Don't Cry For Us Argentina

SALTA/TUCUMAN, BOLIVIA: November 19-22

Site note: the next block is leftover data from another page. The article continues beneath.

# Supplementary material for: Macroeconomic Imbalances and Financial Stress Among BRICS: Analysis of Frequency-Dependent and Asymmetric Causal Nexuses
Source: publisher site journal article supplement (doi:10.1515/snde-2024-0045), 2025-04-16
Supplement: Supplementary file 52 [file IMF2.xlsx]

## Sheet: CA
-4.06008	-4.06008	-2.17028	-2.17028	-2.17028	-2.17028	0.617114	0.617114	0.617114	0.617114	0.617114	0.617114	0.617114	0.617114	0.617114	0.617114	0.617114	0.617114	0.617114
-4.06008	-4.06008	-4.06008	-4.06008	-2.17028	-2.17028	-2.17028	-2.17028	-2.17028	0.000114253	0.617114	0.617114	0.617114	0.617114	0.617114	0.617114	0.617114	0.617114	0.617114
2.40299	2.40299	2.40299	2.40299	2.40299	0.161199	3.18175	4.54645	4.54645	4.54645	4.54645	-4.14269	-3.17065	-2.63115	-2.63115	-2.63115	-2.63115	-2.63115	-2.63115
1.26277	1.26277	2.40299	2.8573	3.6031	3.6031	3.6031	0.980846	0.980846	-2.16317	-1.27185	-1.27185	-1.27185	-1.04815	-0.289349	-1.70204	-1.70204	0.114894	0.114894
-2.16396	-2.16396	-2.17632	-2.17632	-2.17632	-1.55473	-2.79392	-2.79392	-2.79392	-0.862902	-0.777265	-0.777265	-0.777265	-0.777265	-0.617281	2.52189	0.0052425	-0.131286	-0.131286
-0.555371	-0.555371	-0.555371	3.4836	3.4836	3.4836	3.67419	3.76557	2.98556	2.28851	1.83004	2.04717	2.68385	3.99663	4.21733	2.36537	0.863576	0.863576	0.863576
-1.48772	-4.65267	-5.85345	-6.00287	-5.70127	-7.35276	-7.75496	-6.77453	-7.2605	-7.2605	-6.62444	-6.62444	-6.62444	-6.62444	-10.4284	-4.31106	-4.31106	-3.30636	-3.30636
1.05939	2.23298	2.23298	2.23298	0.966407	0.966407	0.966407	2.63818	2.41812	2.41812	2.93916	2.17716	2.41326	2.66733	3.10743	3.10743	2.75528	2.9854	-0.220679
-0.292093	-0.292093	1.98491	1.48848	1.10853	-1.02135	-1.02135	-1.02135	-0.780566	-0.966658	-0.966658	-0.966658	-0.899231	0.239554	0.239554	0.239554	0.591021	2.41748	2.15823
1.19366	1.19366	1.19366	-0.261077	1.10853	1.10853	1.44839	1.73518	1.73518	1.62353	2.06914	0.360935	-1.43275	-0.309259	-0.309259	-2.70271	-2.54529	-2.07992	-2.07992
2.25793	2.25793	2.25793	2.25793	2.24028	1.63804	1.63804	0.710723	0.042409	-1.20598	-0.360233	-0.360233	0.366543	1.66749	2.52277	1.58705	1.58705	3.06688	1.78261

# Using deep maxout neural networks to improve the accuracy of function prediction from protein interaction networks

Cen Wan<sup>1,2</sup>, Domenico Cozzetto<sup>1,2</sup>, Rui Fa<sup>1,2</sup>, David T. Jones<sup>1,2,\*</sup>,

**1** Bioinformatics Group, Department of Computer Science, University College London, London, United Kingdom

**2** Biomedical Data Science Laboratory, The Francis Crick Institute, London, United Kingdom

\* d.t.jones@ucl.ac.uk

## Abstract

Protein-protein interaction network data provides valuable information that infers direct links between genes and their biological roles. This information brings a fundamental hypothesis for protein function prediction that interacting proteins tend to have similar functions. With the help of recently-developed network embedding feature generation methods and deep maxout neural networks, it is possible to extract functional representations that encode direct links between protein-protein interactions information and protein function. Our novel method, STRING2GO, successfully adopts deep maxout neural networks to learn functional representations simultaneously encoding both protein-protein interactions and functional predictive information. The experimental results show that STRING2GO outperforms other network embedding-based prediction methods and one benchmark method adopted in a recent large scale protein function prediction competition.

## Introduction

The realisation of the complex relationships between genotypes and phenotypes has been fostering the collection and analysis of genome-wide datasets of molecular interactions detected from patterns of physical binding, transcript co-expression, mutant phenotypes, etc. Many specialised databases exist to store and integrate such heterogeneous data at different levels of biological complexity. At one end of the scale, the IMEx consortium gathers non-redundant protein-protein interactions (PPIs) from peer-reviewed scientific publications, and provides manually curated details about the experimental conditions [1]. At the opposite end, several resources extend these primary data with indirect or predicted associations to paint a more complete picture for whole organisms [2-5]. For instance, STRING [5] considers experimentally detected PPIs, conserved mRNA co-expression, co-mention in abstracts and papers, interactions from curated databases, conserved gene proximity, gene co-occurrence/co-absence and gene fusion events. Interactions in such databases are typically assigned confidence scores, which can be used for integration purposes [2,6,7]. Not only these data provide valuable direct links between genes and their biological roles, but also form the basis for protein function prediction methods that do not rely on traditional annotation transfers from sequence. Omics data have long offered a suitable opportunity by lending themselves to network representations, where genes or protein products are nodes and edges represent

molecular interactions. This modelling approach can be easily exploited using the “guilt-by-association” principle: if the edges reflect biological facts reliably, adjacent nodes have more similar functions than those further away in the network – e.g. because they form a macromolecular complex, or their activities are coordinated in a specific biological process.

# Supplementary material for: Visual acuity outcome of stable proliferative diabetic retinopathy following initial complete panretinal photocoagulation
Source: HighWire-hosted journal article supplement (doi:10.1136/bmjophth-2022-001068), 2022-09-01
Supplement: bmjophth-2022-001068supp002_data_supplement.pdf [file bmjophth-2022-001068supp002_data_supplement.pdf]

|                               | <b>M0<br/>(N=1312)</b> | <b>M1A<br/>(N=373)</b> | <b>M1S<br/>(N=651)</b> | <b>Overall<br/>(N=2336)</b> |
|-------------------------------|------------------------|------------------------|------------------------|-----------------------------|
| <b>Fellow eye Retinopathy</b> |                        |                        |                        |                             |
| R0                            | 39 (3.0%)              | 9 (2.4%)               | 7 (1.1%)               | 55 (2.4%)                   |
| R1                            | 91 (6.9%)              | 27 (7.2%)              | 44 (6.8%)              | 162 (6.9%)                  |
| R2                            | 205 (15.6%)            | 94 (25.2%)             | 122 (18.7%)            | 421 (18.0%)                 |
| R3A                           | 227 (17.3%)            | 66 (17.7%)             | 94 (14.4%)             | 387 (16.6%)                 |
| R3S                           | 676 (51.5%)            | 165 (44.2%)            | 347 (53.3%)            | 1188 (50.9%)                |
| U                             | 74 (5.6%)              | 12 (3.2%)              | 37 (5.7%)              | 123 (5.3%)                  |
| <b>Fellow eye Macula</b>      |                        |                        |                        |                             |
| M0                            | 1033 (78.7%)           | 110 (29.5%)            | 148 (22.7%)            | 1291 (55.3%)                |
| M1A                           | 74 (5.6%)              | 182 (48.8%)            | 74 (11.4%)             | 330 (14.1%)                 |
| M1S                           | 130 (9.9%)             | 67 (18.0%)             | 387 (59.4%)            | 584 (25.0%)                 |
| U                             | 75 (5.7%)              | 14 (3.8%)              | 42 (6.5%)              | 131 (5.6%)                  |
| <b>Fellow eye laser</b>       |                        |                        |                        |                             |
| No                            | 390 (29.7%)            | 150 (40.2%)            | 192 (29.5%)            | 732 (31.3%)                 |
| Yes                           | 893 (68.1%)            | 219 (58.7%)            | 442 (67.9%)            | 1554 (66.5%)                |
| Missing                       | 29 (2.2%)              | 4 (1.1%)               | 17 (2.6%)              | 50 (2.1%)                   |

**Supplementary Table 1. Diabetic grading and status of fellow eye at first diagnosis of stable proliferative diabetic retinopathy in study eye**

Crossing the border from chaotic, cheap, coca-selling Bolivia to the more relaxed and quieter neighbor of Argentina proved painless and easy, although the sign stating our most southerly goal of Ushuaia as 5,121 kilometers away (over 3,182 miles) was both thrilling and daunting. However, we did have our first taste of just how much this country would separate us from our hard-earned cash flow when we tried to exchange money for a ridiculous rip-off rate and then later realized that a 7 hour bus trip that would have cost $3 or less in Bolivia was almost $21. Sh*t! It was at least a small consolation that we would will be even closer to Brazil, which meant that my chances of hearing my new favorite song would probably increase, but even that knowledge still left us glum. To add insult to injury, it came as a shock to learn that not only would we be paying an arm and a leg for bus travel (and plenty of it, considering that Argentina is the 8th largest country in the world), but we would have to start paying for our bags to be stowed in the baggage compartments, on top of tipping attendants on each end of the trip to move our bags no more than 2 feet--we were steaming in more ways than one in the sticky heat.